The Hollow Places by T. Kingfisher
The Hollow Places opens with a life in turmoil. T. Kingfisher introduces us to her protagonist, Kara (also known as Carrot), as she moves into her uncle’s museum of oddities following a disruptive divorce. The nostalgic setting and friendly faces help put her at ease, but a disturbing discovery shows her that terror is right around the corner or, more precisely, through a strange hole that appears in a wall of her uncle’s beloved museum. Inside of this opening, Kara discovers a passage to another world.
The Hollow Places follows Kara and Simon, an eccentric barista from a neighboring coffee shop, as they try to make sense of the haunting landscape on the other side of the wall. Both characters have vibrant personalities and charming wit that brilliantly contrast with the otherworldly terrors lurking on the other side of the wall. Small details like Kara’s fanfiction fascination and Simon’s bizarre Florida heritage make them feel grounded, which adds a level of relatability to every horrifying encounter.
The setting, whether in this world or beyond, is expertly crafted. From a wide collection of taxidermied animals hanging on the walls to the unnerving sparsity of the other world, every location, no matter how strange, is easy to imagine. Kara’s casual narration style and artistic sensibility helps emphasize these details and make the horror more personal. For anyone looking for a truly unervering horror story with endearing characters and genuine sense of humor, The Hollow Place delivers.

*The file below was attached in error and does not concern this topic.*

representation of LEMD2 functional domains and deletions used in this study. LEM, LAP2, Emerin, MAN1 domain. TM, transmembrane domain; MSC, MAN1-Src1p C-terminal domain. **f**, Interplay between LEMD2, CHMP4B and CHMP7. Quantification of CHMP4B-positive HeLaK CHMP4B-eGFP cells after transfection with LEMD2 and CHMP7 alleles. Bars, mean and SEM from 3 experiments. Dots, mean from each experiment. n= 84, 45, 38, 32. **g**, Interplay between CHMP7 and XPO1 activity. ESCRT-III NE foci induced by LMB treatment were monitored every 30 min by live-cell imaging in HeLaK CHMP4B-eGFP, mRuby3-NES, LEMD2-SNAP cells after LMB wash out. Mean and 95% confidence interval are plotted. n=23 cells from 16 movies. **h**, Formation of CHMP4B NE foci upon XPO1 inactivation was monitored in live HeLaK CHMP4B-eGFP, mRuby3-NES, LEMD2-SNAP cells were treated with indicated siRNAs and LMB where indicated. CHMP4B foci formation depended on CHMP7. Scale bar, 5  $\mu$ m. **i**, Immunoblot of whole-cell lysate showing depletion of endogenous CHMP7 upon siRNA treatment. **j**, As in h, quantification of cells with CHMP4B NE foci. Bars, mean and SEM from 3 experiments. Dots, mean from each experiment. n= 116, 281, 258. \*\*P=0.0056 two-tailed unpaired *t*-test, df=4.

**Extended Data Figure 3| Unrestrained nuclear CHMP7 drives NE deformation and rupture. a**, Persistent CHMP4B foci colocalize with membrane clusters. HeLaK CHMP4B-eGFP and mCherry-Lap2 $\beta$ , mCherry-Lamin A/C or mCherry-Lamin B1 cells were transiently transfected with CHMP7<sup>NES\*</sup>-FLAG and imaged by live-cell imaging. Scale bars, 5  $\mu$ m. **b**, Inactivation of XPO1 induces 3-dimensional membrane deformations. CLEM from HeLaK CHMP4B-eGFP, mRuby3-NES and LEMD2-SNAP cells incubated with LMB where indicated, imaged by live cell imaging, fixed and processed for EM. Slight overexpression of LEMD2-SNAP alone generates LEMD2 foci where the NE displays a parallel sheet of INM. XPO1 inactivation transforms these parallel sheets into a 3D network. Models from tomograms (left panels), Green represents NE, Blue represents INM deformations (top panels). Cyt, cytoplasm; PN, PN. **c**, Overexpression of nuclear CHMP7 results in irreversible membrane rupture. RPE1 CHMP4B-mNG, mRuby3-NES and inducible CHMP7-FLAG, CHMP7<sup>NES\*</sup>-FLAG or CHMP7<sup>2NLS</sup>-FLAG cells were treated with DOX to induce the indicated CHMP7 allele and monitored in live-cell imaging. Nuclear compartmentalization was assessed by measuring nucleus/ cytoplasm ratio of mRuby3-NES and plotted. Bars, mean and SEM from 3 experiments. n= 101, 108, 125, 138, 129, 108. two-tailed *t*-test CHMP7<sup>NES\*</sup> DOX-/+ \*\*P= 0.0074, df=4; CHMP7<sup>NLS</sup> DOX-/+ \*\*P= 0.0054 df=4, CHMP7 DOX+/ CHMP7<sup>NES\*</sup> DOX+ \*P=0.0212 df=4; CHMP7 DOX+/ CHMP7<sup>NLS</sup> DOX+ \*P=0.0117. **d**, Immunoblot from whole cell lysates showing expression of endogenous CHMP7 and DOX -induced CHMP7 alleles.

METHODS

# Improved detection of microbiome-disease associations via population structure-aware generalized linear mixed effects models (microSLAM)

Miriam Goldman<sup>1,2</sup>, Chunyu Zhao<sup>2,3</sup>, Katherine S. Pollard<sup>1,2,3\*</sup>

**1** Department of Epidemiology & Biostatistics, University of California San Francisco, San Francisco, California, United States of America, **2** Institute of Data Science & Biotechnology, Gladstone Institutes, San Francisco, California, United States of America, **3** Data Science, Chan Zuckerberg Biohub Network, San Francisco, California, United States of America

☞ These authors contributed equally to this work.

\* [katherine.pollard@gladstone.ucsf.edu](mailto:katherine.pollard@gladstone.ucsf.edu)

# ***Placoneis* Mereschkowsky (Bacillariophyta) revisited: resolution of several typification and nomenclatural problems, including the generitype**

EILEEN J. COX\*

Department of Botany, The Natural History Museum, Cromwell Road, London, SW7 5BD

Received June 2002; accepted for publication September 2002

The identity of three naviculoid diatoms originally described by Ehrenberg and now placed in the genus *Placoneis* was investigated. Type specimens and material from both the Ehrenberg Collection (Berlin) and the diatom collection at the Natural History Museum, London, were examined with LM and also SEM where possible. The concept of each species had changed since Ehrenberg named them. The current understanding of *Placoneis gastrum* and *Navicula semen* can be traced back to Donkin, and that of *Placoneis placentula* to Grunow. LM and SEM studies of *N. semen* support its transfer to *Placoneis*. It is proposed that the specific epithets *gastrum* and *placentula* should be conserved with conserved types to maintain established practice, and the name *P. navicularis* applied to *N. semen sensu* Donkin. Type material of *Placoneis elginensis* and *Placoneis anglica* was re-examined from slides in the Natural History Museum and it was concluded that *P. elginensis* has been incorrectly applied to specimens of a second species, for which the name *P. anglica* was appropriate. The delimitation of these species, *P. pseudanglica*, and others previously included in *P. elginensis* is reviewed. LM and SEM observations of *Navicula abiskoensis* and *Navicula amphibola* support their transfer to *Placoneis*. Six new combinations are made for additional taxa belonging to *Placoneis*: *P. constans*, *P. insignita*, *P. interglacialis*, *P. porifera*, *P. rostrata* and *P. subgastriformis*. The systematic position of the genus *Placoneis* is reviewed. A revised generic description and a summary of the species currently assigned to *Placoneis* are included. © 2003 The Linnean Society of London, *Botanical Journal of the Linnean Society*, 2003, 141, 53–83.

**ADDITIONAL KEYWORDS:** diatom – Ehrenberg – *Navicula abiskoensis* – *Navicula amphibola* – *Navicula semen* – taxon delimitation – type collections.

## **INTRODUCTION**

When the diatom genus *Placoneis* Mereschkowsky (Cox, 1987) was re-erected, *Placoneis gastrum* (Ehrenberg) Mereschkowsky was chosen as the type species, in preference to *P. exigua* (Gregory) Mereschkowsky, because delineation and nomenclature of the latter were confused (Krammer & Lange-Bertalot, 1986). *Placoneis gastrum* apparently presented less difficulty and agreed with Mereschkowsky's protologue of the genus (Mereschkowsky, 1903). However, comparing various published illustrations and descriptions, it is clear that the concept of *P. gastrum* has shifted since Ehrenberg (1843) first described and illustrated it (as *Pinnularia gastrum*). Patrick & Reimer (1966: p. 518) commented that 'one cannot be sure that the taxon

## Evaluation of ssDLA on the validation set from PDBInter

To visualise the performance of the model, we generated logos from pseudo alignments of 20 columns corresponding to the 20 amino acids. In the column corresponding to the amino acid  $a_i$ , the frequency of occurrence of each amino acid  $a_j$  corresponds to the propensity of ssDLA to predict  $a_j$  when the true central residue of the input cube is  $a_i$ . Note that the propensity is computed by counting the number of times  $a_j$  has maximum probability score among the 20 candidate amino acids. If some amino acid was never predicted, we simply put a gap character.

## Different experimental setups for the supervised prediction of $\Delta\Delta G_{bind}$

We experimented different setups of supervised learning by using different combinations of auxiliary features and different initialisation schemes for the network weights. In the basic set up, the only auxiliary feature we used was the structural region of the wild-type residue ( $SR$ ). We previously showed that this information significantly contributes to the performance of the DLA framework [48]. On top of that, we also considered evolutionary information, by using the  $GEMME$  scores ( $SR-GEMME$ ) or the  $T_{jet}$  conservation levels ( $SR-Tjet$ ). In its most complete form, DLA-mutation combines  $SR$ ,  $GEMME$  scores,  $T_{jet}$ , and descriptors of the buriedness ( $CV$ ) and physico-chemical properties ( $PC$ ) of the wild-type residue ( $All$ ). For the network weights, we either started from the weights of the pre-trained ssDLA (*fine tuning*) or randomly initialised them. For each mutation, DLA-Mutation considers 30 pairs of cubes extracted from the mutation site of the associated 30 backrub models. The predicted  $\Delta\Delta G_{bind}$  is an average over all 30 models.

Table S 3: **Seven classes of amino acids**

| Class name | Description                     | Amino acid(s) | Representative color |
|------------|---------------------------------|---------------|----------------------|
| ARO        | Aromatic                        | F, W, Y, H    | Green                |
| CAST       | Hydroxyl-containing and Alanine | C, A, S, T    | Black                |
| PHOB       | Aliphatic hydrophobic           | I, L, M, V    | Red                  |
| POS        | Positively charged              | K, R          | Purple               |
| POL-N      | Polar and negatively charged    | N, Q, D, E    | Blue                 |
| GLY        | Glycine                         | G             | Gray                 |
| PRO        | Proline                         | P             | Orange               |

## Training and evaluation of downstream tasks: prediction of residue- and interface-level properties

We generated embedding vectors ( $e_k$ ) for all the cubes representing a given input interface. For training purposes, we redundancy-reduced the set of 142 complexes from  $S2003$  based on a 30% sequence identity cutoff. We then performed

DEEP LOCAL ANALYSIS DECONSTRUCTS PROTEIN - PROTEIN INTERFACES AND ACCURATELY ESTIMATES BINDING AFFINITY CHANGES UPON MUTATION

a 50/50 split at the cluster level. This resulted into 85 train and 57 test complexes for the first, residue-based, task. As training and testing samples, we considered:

Transcendent Kingdom by Yaa Gyasi
Gifty, the narrator of Yaa Gyasi’s Transcendent Kingdom, spends her days observing mice in a Stanford lab, and in the evenings, returns to the apartment where her mother lies in a depressive trance, unable to get out of bed. Both Gifty and her mother remain hobbled by the loss of Nana, Gifty’s older brother who died of an overdose when Gifty was still a young girl.
The passages detailing Nana’s deterioration from star athlete to opioid addict are the novel’s most compelling. That Nana comes across so strongly as a character is a testament to how closely the novel’s form cleaves to Gifty’s point of view. Just as Gifty’s life is oriented around her attempts to understand her brother’s illness, so the novel turns on the axis of their shared past. Gyasi chronicles the devastating pivots of Nana’s addiction with an attention both scientific and humane. Despite its laboratory setting and interest in exploring addiction through a neuroscientific lens, Transcendent Kingdom indicts the notion that the quest for scientific understanding is separate from our emotional needs.
As she attempts to reconcile the events of Nana’s life, Gifty must also contend with her attraction to both the investigative principles of her research and the zealous devotion to Christianity that she harbored as a child. The questions opened by these competing perspectives – about faith and fact, known and unknown, ingenuity and intrigue – are the questions of great novels. Transcendent Kingdom asks them with artfulness and earnest curiosity, and in doing so, invites the reader into its greatness.